Tier 1 individuals – those at the highest risk for exposure, including student-athletes, team travel parties and officials, who are fully vaccinated – may be exempt from routine testing during championships. The Centers for Disease Control considers someone fully vaccinated if he or she is two weeks removed from having received the single-dose vaccine or the second of two doses of the two-dose vaccine.

Fully vaccinated student-athletes and other Tier 1 individuals with no COVID-19-like symptoms will not be required to quarantine, be restricted from work or get tested after exposure to someone with a suspected or confirmed case of COVID-19.

However, the NCAA will continue to enforce its policy on masking and physical distancing at championships, except for student-athletes or officials during competition or practice.

Seating capacity

The NCAA also announced in April it is recommending that all sites selected to host a regional or Super Regional limit fan capacity for games to 50 percent, which will cause consternation for some programs.

On April 28, LSU announced it would allow 100 percent capacity at Alex Box Stadium after Gov. John Bel Edwards lifted the state’s mask mandate later that day. In March, Texas Tech followed suit after Gov. Greg Abbott announced, in Lubbock, that the state’s mask mandate would be lifted, and businesses could return to 100 percent capacity. Mississippi State and Ole Miss have been near full capacity for most of the season as well.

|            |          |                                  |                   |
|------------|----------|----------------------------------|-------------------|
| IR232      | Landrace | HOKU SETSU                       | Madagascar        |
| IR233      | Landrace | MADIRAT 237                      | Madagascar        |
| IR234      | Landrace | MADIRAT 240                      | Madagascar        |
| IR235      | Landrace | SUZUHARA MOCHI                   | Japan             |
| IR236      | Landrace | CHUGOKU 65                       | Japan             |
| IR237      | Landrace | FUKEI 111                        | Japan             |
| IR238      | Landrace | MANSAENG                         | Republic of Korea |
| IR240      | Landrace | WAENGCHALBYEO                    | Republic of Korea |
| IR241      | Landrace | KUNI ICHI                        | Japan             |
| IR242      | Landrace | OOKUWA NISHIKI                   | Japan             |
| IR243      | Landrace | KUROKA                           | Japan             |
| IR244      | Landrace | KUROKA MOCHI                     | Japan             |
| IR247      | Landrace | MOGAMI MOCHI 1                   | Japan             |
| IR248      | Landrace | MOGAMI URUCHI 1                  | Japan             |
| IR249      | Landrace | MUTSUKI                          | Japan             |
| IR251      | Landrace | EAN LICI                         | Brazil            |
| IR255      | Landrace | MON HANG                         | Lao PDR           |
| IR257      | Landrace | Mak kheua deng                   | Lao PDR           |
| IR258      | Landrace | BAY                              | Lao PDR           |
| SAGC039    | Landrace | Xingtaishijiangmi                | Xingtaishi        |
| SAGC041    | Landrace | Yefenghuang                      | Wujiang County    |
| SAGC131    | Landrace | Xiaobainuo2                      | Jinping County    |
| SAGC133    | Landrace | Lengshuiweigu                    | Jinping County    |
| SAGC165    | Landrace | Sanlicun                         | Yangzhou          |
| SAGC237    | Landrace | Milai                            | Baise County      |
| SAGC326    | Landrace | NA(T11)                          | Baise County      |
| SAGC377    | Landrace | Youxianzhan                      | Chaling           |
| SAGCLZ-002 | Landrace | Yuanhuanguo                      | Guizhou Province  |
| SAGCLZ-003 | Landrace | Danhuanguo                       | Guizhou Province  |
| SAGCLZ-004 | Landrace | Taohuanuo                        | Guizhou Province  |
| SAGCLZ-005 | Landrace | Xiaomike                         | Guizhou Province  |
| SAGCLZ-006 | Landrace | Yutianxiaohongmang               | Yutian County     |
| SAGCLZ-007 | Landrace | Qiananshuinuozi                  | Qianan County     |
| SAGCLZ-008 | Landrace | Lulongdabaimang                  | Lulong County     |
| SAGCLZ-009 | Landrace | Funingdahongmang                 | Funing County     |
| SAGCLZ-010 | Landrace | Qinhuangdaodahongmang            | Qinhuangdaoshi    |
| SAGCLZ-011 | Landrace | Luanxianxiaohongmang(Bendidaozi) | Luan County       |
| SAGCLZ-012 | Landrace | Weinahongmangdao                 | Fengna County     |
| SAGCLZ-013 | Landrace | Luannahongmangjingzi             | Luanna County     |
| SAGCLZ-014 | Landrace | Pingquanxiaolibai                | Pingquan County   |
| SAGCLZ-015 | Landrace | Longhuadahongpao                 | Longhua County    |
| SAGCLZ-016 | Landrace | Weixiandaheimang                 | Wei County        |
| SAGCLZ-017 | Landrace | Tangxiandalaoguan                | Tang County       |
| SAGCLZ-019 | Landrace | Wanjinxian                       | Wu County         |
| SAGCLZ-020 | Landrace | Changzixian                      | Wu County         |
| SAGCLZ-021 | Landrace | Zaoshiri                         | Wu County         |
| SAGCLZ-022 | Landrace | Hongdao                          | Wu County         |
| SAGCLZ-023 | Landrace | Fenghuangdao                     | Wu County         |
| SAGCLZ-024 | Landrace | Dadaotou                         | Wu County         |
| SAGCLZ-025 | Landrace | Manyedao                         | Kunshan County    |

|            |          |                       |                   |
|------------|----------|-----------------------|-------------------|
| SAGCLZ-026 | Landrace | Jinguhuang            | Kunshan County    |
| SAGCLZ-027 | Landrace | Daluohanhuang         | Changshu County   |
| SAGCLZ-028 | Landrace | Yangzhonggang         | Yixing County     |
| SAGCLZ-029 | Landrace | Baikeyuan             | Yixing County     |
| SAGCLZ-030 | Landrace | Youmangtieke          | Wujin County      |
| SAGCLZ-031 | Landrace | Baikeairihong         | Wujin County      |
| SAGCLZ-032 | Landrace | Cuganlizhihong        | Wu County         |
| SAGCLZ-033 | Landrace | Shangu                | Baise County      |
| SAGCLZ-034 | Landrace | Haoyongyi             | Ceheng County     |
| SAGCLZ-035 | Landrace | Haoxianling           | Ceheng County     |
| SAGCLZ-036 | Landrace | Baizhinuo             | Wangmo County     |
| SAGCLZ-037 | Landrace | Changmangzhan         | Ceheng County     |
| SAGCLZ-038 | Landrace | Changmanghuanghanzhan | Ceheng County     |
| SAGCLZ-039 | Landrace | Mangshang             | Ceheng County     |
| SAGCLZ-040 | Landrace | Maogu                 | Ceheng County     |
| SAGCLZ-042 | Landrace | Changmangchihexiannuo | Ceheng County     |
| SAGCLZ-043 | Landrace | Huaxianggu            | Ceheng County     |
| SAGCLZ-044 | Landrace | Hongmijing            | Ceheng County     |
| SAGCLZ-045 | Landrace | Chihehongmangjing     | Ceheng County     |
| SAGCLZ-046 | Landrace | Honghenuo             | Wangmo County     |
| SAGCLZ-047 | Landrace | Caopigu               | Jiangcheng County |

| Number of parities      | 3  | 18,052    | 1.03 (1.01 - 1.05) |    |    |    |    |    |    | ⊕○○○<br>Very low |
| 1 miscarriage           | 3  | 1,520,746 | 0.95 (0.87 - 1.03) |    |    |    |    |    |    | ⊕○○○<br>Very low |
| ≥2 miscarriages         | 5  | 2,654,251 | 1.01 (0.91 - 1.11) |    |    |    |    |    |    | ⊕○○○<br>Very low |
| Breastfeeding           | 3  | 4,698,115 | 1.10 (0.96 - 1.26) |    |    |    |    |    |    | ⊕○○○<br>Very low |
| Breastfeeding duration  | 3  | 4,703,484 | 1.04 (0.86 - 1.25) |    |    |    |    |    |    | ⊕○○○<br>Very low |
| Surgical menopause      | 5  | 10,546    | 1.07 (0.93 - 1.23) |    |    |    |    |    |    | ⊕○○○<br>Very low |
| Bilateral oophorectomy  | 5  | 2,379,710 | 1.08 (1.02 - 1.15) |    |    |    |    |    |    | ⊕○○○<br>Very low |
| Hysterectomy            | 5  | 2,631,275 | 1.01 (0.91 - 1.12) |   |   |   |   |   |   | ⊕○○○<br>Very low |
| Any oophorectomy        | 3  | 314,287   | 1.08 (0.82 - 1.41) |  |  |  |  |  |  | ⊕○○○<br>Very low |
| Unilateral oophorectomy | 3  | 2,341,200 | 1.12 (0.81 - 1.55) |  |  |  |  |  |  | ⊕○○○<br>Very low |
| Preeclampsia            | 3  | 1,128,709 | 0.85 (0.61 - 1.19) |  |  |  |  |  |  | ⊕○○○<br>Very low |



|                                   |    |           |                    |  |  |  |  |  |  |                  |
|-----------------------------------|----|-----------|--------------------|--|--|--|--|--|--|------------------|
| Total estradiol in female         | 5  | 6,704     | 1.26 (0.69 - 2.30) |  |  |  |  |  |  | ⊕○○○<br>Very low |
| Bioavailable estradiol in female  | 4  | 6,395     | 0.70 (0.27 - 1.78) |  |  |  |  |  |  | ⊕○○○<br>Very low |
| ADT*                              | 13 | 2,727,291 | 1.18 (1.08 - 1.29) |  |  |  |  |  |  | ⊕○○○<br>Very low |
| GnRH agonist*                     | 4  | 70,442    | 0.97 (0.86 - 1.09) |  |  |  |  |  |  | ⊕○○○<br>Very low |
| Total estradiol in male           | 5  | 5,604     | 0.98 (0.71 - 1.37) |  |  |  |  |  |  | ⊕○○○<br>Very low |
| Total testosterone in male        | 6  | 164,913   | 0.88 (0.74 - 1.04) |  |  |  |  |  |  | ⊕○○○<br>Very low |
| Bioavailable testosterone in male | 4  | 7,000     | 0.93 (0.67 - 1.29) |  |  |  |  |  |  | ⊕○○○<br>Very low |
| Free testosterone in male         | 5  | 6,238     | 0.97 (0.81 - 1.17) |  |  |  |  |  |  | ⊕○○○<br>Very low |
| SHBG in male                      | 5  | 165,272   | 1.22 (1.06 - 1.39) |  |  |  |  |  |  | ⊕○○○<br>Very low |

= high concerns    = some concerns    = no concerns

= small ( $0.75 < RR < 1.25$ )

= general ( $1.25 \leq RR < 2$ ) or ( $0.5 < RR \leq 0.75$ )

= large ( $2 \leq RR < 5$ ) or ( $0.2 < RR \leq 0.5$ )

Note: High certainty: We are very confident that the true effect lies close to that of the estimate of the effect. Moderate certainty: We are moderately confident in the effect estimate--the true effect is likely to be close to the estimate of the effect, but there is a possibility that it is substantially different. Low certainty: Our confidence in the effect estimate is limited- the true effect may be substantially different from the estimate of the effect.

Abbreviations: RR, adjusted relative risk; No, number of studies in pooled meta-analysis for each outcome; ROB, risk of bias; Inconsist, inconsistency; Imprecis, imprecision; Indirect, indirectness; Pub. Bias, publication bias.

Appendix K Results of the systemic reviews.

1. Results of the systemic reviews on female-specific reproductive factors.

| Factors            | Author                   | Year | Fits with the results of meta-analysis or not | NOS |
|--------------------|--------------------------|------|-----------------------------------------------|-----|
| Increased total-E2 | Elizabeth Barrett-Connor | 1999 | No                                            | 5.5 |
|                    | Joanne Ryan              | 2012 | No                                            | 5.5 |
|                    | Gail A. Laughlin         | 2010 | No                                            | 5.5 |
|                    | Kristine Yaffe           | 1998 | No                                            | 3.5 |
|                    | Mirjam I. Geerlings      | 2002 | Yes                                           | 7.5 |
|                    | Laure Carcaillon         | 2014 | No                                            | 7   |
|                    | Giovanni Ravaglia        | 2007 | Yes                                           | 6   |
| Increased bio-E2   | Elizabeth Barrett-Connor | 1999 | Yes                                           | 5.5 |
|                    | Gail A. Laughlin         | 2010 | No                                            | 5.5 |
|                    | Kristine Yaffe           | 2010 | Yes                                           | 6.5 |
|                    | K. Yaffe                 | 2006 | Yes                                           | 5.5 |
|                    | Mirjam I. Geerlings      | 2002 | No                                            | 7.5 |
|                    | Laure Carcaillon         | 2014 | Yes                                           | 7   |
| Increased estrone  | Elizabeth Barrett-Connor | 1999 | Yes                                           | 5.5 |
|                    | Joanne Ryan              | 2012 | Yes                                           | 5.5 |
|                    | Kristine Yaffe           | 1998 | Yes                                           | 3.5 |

The NCAA, however, recommends that schools still limit capacity for fans, which could lead to some stadiums that are normally packed to the gills for postseason games looking relatively empty.

“The NCAA will allow up to 50 percent fan capacity for its 2021 outdoor spring championships and Division I fall championships being held in the spring, based on recommendations from the NCAA COVID-19 Medical Advisory Group,” the NCAA said in a news release posted on its website. “Exact capacity percentages will vary by site, depending on state and local health mandates due to the COVID-19 pandemic. Championships hosted in cities and states that do not allow spectators or where the site is deemed to lack the capacity for spectators from a health and safety standpoint will allow only essential personnel within the competition venue.”

The 50 percent capacity limit would exist not only for the regionals and Super Regionals but would extend to the College World Series at TD Ameritrade Park in Omaha, Neb. That means roughly only 12,000 fans would be able to attend an event that packs the park every night, regardless of the teams playing, and draws hundreds of thousands of fans to the epicenter of the Midwest for 10 days every year.